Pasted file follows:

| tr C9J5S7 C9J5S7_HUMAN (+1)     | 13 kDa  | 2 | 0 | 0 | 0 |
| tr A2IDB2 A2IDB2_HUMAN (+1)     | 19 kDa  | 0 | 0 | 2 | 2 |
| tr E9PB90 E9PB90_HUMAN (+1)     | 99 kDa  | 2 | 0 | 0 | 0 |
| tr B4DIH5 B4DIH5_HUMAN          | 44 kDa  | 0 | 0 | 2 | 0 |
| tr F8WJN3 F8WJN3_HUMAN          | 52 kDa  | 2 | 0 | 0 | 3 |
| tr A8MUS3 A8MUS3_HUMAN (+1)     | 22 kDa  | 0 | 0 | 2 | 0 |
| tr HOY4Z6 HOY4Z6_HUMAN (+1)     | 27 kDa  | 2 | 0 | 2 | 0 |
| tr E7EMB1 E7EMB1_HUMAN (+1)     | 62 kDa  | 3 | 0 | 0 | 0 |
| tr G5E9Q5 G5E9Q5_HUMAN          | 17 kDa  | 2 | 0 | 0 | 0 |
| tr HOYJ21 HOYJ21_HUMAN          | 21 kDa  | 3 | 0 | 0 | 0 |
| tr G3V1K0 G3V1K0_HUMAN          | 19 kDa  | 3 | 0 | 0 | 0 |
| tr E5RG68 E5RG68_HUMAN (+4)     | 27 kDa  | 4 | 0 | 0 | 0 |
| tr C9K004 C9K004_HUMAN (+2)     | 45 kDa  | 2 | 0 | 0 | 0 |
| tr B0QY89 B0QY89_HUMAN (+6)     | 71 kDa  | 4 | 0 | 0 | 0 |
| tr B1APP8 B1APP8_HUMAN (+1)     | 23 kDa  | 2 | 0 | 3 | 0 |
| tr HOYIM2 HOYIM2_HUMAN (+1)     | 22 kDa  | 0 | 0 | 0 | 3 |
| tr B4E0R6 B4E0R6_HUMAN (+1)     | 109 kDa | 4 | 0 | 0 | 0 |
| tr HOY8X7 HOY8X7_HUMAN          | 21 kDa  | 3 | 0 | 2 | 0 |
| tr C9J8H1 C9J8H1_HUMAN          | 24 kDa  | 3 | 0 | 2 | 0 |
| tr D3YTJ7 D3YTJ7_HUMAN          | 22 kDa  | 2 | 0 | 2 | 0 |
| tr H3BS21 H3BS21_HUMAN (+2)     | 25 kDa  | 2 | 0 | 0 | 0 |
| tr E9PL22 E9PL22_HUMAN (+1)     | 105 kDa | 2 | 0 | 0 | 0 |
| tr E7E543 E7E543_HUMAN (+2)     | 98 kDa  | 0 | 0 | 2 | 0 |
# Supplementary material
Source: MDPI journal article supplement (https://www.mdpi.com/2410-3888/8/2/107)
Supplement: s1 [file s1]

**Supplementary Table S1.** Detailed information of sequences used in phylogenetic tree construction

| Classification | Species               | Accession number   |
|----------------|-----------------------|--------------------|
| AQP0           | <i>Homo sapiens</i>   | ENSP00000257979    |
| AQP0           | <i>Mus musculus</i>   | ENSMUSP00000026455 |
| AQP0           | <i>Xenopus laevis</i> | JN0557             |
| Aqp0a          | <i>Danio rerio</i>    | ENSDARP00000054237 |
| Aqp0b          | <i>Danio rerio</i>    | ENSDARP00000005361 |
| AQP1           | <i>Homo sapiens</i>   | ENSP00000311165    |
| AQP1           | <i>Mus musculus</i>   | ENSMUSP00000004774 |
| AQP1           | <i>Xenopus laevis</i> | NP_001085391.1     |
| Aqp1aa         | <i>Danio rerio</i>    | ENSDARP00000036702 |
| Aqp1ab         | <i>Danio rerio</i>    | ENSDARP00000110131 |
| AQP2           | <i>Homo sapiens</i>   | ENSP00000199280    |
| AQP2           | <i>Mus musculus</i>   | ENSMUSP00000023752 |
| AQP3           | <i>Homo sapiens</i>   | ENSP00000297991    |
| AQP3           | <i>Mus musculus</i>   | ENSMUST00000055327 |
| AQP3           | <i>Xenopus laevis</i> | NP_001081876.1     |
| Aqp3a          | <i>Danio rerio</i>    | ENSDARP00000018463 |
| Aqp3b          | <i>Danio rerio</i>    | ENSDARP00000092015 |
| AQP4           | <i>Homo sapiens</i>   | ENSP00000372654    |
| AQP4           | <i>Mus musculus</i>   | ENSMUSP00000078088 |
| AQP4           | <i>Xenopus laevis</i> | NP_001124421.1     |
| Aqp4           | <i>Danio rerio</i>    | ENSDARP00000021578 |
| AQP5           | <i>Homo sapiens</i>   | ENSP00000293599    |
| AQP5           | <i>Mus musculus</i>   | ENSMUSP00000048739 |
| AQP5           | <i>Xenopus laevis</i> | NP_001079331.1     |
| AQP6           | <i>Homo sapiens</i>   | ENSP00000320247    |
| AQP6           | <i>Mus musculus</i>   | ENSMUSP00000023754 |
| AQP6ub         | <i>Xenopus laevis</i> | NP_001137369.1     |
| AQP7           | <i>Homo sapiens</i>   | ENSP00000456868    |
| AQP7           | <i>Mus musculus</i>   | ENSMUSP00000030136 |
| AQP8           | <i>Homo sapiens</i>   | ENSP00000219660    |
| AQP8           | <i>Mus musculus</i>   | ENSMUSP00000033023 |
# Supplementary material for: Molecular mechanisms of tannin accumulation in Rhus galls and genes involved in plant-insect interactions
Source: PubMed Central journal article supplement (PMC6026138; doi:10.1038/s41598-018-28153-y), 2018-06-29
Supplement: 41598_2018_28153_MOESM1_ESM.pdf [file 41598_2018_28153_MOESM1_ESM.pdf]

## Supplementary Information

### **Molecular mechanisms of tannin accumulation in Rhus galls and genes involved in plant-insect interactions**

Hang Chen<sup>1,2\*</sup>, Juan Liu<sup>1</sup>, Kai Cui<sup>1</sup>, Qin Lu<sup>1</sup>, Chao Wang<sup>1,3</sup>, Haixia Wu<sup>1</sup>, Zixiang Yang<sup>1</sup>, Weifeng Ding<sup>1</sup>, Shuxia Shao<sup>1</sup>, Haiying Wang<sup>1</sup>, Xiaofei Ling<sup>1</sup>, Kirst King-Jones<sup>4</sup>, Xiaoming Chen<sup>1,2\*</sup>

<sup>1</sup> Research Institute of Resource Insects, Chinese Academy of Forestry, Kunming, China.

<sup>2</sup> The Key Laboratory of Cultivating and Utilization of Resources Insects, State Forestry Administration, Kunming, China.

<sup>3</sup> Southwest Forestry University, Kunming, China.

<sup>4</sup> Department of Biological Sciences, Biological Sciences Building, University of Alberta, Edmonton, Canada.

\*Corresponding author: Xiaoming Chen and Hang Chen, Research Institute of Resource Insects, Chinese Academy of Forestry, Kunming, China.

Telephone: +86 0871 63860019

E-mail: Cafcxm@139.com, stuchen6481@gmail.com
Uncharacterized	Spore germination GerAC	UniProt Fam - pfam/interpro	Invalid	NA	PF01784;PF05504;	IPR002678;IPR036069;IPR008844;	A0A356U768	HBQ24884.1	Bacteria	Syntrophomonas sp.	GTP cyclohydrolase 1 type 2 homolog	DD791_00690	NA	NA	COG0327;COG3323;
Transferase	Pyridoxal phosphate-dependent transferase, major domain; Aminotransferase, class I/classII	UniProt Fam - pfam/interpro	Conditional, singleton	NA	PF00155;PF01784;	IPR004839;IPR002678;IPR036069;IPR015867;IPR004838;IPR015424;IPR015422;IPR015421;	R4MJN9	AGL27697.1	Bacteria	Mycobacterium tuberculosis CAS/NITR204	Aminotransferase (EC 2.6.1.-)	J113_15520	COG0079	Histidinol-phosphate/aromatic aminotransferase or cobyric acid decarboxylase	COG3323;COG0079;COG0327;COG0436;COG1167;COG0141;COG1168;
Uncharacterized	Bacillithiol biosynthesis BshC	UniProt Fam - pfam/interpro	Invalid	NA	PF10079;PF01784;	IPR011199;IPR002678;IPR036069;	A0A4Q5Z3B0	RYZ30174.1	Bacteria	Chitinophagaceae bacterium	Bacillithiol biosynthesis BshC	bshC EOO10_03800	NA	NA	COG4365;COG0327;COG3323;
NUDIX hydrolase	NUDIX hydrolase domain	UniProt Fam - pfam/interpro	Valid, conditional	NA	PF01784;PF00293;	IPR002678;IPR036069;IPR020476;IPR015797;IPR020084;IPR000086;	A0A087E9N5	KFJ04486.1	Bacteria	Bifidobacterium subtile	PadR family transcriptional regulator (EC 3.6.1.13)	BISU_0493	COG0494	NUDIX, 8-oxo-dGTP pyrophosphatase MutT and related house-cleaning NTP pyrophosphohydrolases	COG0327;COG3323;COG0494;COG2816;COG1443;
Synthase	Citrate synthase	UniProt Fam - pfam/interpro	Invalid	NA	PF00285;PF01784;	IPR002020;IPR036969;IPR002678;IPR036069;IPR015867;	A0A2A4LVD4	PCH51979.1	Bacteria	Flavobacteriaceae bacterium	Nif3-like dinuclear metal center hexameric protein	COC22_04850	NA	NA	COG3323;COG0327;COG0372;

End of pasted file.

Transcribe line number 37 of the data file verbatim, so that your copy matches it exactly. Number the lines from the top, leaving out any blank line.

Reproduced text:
| AQP1           | <i>Xenopus laevis</i> | NP_001085391.1     |